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I run

git tag v1.0.0 -m 'finally a stable release'

I want to see a list of my Git tags.

How can you see a list of Git tags?

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4 Answers 4

up vote 101 down vote accepted
git tag

should be enough. See git tag man page


You also have:

git tag -l <pattern>

List tags with names that match the given pattern (or all if no pattern is given).
Typing "git tag" without arguments, also lists all tags.


More recently ("How to sort git tags?", for Git 2.0+)

git tag --sort=<type>

Sort in a specific order.

Supported type is:

  • "refname" (lexicographic order),
  • "version:refname" or "v:refname" (tag names are treated as versions).

Prepend "-" to reverse sort order.


That lists both:

  • annotated tags: full objects stored in the Git database. They’re checksummed; contain the tagger name, e-mail, and date; have a tagging message; and can be signed and verified with GNU Privacy Guard (GPG).
  • lightweight tags: simple pointer to an existing commit

Note: the git ready article on tagging disapproves of lightweight tag.

Without arguments, git tag creates a “lightweight” tag that is basically a branch that never moves.
Lightweight tags are still useful though, perhaps for marking a known good (or bad) version, or a bunch of commits you may need to use in the future.
Nevertheless, you probably don’t want to push these kinds of tags.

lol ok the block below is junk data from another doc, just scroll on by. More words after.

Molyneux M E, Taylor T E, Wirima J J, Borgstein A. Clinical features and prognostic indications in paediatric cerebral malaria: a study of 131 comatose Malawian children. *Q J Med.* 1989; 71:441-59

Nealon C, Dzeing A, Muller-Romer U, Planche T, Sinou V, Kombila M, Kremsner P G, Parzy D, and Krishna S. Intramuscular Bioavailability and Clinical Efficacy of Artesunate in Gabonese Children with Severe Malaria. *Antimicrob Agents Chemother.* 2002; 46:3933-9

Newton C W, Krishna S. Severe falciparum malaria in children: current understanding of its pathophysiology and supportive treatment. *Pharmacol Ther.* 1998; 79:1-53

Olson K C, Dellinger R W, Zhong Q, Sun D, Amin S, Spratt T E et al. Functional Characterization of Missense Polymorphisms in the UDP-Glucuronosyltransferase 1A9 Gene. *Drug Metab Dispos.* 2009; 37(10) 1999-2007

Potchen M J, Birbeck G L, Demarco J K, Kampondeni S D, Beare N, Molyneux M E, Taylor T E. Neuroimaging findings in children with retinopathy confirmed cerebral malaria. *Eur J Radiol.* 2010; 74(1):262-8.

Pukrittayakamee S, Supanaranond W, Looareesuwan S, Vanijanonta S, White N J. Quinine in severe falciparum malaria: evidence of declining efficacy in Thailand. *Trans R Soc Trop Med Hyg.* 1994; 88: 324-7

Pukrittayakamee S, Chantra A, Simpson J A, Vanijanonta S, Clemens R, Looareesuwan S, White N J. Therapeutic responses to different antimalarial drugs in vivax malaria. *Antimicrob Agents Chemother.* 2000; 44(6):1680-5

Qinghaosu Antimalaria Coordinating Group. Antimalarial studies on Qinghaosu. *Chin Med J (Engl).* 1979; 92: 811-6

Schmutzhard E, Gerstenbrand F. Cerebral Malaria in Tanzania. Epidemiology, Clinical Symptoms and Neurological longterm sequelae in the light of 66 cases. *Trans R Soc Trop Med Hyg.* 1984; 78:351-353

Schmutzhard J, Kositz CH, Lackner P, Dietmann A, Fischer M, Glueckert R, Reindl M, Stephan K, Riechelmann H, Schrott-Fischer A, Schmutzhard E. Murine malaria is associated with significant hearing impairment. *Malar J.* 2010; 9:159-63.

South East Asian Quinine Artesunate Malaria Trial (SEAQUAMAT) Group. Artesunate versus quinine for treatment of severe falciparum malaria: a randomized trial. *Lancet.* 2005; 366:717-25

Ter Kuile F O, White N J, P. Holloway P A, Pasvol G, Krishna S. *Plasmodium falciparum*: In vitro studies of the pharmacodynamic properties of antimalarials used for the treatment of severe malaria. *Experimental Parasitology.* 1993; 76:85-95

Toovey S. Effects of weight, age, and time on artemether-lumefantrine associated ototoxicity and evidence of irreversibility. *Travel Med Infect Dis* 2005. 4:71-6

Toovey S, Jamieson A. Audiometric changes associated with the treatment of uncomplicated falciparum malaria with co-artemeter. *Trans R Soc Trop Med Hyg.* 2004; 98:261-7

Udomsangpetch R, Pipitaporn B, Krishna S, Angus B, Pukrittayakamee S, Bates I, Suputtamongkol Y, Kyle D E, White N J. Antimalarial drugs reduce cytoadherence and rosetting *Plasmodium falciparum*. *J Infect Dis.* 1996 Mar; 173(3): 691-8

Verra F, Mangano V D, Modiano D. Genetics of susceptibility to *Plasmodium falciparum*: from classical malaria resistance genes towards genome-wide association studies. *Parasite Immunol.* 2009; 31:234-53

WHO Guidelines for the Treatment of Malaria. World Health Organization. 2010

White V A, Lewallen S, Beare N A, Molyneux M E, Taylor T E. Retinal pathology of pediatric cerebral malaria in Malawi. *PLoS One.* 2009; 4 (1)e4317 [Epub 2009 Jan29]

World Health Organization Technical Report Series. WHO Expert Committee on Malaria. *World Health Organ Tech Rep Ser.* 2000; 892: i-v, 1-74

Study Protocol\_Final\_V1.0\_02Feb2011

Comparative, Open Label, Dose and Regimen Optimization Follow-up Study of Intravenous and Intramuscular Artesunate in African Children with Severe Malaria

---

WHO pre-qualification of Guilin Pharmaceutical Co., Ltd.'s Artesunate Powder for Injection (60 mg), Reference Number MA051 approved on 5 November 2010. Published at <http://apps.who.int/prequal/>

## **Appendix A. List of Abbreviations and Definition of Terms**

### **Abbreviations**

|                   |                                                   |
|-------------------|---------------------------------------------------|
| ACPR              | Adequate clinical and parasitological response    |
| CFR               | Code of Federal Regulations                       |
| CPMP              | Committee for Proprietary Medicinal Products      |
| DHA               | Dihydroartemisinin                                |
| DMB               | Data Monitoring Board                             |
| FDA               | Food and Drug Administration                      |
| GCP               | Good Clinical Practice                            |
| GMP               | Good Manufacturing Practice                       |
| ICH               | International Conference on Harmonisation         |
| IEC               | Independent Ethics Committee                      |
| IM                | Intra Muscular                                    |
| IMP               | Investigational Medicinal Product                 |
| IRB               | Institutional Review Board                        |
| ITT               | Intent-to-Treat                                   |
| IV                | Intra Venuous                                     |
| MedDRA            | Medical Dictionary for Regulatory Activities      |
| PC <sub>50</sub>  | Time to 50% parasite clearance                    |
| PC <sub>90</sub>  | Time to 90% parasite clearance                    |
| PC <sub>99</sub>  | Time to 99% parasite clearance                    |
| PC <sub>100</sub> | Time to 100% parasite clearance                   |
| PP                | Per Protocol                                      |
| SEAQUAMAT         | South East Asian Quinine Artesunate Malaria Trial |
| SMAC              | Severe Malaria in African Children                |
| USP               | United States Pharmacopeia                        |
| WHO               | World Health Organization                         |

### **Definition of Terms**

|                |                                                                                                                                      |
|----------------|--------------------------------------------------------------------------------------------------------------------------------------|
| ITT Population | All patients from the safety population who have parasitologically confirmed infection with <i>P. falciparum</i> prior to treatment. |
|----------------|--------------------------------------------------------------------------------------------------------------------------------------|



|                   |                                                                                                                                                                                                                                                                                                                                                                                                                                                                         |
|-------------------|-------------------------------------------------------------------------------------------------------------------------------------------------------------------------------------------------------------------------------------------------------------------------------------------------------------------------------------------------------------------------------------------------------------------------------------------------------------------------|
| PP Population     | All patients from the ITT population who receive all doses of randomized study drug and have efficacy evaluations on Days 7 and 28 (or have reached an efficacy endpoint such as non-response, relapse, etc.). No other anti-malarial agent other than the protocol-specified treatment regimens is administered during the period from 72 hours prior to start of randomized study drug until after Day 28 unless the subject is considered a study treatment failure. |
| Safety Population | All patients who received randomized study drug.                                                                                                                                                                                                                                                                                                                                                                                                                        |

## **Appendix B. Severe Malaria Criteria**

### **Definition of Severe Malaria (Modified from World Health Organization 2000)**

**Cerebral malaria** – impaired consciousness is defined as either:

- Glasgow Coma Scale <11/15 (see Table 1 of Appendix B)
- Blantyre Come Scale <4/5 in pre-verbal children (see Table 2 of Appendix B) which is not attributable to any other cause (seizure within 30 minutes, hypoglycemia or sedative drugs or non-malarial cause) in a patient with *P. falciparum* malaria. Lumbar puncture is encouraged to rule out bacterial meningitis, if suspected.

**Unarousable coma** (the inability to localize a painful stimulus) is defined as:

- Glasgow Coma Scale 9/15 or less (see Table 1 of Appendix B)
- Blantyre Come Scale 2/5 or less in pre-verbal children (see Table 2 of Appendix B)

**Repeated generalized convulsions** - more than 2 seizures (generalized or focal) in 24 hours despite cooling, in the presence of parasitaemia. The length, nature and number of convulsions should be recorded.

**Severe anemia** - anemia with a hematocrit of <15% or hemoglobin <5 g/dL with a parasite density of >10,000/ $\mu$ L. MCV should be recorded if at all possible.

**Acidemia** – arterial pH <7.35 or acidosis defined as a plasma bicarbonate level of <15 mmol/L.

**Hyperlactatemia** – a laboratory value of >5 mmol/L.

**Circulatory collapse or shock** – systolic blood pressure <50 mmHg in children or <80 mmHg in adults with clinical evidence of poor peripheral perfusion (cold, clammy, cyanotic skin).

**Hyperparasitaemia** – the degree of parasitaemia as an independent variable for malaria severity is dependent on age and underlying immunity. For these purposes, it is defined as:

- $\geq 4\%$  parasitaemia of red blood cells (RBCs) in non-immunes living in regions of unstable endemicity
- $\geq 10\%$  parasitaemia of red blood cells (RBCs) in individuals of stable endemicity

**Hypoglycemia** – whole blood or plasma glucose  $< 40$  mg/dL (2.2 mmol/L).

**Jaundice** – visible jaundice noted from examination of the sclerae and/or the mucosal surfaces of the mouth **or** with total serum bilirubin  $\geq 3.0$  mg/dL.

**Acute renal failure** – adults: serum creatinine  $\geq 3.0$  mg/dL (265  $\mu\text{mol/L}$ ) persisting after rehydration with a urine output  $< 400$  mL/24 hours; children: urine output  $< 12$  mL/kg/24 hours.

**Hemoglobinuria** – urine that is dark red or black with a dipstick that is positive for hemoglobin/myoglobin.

Normally, you want to at least pass the -a option to create an unsigned tag, or sign the tag with your GPG key via the -s or -u options.


That being said, Charles Bailey points out that a 'git tag -m "..."' actually implies a proper (unsigned annotated) tag (option '-a'), and not a lightweight one. So you are good with your initial command.


This differs from:

git show-ref --tags -d

Which lists tags with their commits (see "Git Tag list, display commit sha1 hashes").
Note the -d in order to dereference the annotated tag object (which have their own commit SHA1) and display the actual tagged commit.

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@VonC: Thank you for your answer! –  Masi Jun 30 '09 at 16:05
3  
It's probably worth adding that -m or -F implies -a (if non of -a, -s or -u are supplied explicitly. You can't have a tag message without creating a 'proper' tag object. –  Charles Bailey Jun 30 '09 at 18:05
1  
@Charles: good point. I have updated my answer accordingly –  VonC Jun 30 '09 at 18:12

To list tags I prefer:

git tag -n

The -n flag displays the first line of the annotation message along with the tag.

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6  
Thanks for this. Skimmed through the docs but didn't spot it. You can also do git tag -n5 to show the first 5 lines of the annotation. –  dave1010 Feb 22 '11 at 13:16

Also git show-ref is rather useful, so that you can directly associate tags with correspondent commits:

$ git tag
osgeolive-6.5
v8.0
...

$ git show-ref --tags
e7e66977c1f34be5627a268adb4b9b3d59700e40 refs/tags/osgeolive-6.5
8f27e65bddd7d4b8515ce620fb485fdd78fcdf89 refs/tags/v8.0
...
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Being used to Mercurial's hg tags I like that git show-ref gives me the tag AND the revision. –  Justin Jan 8 at 19:38

Try to make git tag it should be enough if not try to make git fetch then git tag.

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What do you mean? –  toto May 1 '13 at 10:49
1  
I think what he means is this: Running git tag command should be enough if you just want to see a list of available tags. If you can't see some tags that you believe may exist on remote, then your local tags may not be in sync with remote. In this case, fetch the latest refs/heads from remote first git fetch, followed by the actual git tag. I usually run a one-liner like this: $ git fetch -p && git tagjust to be sure I am looking at latest and greatest. –  demisx May 29 '14 at 21:47

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